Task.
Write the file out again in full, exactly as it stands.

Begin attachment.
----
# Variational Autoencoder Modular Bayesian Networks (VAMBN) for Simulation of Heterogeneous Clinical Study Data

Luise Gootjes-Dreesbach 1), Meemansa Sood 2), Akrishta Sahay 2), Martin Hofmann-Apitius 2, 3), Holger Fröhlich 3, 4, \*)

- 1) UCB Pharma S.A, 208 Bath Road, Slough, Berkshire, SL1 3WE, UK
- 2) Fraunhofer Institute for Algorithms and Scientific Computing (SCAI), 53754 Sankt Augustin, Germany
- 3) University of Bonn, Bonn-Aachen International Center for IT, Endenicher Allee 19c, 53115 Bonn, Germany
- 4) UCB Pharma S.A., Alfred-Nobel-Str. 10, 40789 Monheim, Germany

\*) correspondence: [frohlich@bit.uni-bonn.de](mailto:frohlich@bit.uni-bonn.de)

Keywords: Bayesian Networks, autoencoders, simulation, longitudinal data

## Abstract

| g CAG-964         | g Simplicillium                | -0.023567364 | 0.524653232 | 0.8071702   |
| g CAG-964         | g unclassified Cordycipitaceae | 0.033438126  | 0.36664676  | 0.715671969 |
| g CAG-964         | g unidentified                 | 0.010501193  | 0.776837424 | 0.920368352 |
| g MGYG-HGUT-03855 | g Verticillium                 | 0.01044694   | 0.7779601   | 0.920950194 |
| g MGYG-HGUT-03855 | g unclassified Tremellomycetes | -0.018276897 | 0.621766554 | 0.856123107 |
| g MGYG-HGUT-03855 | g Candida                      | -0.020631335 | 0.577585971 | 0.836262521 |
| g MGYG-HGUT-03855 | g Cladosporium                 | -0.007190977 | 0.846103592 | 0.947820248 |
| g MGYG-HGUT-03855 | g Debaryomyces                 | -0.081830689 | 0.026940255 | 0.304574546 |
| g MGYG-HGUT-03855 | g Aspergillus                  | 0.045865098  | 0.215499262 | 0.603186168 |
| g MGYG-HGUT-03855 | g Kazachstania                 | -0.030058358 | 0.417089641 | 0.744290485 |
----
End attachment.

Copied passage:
# Variational Autoencoder Modular Bayesian Networks (VAMBN) for Simulation of Heterogeneous Clinical Study Data

Luise Gootjes-Dreesbach 1), Meemansa Sood 2), Akrishta Sahay 2), Martin Hofmann-Apitius 2, 3), Holger Fröhlich 3, 4, \*)

- 1) UCB Pharma S.A, 208 Bath Road, Slough, Berkshire, SL1 3WE, UK
- 2) Fraunhofer Institute for Algorithms and Scientific Computing (SCAI), 53754 Sankt Augustin, Germany
- 3) University of Bonn, Bonn-Aachen International Center for IT, Endenicher Allee 19c, 53115 Bonn, Germany
- 4) UCB Pharma S.A., Alfred-Nobel-Str. 10, 40789 Monheim, Germany

\*) correspondence: [frohlich@bit.uni-bonn.de](mailto:frohlich@bit.uni-bonn.de)

Keywords: Bayesian Networks, autoencoders, simulation, longitudinal data

## Abstract

| g CAG-964         | g Simplicillium                | -0.023567364 | 0.524653232 | 0.8071702   |
| g CAG-964         | g unclassified Cordycipitaceae | 0.033438126  | 0.36664676  | 0.715671969 |
| g CAG-964         | g unidentified                 | 0.010501193  | 0.776837424 | 0.920368352 |
| g MGYG-HGUT-03855 | g Verticillium                 | 0.01044694   | 0.7779601   | 0.920950194 |
| g MGYG-HGUT-03855 | g unclassified Tremellomycetes | -0.018276897 | 0.621766554 | 0.856123107 |
| g MGYG-HGUT-03855 | g Candida                      | -0.020631335 | 0.577585971 | 0.836262521 |
| g MGYG-HGUT-03855 | g Cladosporium                 | -0.007190977 | 0.846103592 | 0.947820248 |
| g MGYG-HGUT-03855 | g Debaryomyces                 | -0.081830689 | 0.026940255 | 0.304574546 |
| g MGYG-HGUT-03855 | g Aspergillus                  | 0.045865098  | 0.215499262 | 0.603186168 |
| g MGYG-HGUT-03855 | g Kazachstania                 | -0.030058358 | 0.417089641 | 0.744290485 |